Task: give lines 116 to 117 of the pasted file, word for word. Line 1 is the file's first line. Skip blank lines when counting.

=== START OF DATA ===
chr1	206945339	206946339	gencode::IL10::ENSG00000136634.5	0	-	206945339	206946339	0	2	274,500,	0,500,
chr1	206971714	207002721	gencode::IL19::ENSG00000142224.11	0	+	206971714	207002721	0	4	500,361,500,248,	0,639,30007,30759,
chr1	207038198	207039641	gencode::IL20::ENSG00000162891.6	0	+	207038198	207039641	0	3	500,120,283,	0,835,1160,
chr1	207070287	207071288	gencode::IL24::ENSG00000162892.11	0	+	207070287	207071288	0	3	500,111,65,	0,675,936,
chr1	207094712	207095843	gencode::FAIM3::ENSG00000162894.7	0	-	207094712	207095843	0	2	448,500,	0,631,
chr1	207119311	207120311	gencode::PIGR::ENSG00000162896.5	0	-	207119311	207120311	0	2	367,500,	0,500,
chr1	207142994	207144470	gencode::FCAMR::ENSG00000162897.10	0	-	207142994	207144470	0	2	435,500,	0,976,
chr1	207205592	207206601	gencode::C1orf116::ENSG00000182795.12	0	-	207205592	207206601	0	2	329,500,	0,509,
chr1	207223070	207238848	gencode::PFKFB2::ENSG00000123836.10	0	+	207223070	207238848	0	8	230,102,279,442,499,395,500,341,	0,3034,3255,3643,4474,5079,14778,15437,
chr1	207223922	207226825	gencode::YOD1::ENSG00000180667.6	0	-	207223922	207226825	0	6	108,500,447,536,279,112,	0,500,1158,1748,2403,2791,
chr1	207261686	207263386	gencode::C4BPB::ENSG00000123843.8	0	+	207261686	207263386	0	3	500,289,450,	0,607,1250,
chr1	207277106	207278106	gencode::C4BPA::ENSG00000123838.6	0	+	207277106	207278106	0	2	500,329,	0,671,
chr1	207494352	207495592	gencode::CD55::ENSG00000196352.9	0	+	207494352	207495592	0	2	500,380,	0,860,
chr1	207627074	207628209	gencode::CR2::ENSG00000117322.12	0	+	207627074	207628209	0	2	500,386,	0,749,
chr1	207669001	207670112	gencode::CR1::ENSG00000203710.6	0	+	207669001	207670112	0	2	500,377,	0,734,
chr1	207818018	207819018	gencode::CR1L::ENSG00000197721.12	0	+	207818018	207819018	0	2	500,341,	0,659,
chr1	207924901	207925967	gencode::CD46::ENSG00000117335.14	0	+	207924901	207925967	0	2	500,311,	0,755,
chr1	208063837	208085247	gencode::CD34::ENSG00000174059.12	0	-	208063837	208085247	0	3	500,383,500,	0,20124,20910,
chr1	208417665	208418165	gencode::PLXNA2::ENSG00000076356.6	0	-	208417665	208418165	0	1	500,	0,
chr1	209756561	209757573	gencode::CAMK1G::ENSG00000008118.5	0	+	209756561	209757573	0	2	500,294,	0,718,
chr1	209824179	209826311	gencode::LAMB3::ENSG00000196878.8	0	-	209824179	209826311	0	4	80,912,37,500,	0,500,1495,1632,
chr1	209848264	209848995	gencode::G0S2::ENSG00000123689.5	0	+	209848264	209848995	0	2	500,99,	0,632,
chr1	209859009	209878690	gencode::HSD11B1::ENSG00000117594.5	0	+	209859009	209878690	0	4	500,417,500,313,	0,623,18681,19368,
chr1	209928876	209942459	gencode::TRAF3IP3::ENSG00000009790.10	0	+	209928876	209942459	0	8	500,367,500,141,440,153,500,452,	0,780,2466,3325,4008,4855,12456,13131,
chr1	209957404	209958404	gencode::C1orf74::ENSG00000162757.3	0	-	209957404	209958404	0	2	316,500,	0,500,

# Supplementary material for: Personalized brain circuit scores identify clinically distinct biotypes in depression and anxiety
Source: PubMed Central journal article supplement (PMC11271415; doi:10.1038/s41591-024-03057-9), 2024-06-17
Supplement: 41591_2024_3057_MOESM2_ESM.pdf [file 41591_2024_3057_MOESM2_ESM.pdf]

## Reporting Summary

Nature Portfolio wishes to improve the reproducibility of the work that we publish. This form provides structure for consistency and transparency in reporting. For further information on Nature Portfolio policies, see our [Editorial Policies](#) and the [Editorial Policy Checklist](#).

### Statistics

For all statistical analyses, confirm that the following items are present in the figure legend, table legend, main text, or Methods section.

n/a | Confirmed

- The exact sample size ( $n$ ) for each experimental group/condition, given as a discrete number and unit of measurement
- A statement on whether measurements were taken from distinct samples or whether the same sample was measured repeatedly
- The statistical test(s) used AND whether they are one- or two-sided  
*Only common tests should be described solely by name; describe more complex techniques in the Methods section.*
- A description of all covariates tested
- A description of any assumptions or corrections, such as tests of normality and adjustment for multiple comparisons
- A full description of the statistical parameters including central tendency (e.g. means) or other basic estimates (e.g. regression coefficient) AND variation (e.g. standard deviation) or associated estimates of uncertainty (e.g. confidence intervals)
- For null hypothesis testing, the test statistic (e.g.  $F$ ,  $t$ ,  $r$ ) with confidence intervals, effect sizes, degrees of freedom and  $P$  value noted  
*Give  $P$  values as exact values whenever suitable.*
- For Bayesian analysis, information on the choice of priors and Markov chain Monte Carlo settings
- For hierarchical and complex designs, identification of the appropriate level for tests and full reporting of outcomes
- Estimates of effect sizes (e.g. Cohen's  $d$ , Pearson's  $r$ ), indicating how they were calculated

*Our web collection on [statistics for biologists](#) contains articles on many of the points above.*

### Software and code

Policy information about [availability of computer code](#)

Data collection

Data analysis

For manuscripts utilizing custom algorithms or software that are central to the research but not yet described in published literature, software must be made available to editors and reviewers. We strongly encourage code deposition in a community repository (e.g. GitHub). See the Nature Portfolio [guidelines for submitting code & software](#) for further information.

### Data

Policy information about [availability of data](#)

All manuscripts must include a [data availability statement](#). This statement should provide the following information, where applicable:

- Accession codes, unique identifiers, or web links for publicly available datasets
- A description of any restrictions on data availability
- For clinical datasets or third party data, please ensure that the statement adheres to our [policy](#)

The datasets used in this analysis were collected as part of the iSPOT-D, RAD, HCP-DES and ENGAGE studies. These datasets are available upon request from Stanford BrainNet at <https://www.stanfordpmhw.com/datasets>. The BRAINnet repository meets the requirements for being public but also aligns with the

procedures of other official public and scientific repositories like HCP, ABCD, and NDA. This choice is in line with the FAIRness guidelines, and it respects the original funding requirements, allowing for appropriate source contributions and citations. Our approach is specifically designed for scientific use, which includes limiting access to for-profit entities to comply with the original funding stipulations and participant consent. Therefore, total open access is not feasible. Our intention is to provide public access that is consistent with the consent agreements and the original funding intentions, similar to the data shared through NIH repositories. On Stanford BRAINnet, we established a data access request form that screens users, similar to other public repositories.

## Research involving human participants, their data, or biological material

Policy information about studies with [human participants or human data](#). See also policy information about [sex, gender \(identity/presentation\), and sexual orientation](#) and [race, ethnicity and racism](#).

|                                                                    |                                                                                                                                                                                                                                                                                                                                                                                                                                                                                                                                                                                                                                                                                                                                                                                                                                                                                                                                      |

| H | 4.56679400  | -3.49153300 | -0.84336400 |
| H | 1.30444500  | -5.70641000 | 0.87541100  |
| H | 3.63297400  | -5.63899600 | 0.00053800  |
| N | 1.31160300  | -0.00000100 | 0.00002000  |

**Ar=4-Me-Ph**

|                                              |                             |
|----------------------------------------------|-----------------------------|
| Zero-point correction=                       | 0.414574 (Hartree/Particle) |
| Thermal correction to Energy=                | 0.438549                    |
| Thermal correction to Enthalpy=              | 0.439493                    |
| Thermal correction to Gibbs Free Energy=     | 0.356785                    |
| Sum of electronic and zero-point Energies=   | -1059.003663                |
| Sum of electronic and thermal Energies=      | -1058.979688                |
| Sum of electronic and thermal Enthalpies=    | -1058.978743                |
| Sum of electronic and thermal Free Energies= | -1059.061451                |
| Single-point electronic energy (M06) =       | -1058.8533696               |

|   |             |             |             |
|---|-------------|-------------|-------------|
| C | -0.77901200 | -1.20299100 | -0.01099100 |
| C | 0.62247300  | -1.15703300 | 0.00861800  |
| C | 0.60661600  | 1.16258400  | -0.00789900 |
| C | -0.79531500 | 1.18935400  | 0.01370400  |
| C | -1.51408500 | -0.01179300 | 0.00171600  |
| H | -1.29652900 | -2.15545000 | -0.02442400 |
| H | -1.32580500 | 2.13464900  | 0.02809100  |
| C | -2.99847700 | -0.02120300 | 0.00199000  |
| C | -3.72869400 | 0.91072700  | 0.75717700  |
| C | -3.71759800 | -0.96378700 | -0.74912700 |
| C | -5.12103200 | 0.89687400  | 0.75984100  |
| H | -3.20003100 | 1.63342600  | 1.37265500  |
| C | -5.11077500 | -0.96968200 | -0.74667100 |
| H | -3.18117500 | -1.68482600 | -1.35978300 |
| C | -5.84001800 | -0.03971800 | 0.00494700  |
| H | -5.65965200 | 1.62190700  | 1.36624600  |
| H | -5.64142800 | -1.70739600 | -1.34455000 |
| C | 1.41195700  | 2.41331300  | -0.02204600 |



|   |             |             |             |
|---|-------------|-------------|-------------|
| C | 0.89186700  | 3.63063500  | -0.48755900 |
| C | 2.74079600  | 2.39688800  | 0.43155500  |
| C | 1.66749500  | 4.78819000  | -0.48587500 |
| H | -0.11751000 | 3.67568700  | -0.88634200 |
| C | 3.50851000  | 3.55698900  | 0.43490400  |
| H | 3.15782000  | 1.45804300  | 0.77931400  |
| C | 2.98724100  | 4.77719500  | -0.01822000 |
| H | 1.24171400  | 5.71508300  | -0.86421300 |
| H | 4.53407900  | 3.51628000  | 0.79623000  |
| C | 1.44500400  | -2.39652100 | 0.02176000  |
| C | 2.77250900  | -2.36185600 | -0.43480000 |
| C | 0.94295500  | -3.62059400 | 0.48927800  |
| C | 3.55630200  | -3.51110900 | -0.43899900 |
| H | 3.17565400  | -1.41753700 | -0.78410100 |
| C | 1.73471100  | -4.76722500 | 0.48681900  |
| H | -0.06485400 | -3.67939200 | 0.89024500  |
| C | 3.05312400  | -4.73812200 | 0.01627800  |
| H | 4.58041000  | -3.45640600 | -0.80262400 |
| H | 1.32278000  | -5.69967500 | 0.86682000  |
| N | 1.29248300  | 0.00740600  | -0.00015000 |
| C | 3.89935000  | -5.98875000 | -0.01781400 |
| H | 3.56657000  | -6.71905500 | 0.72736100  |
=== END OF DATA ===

| H | -0.06485400 | -3.67939200 | 0.89024500  |
| C | 3.05312400  | -4.73812200 | 0.01627800  |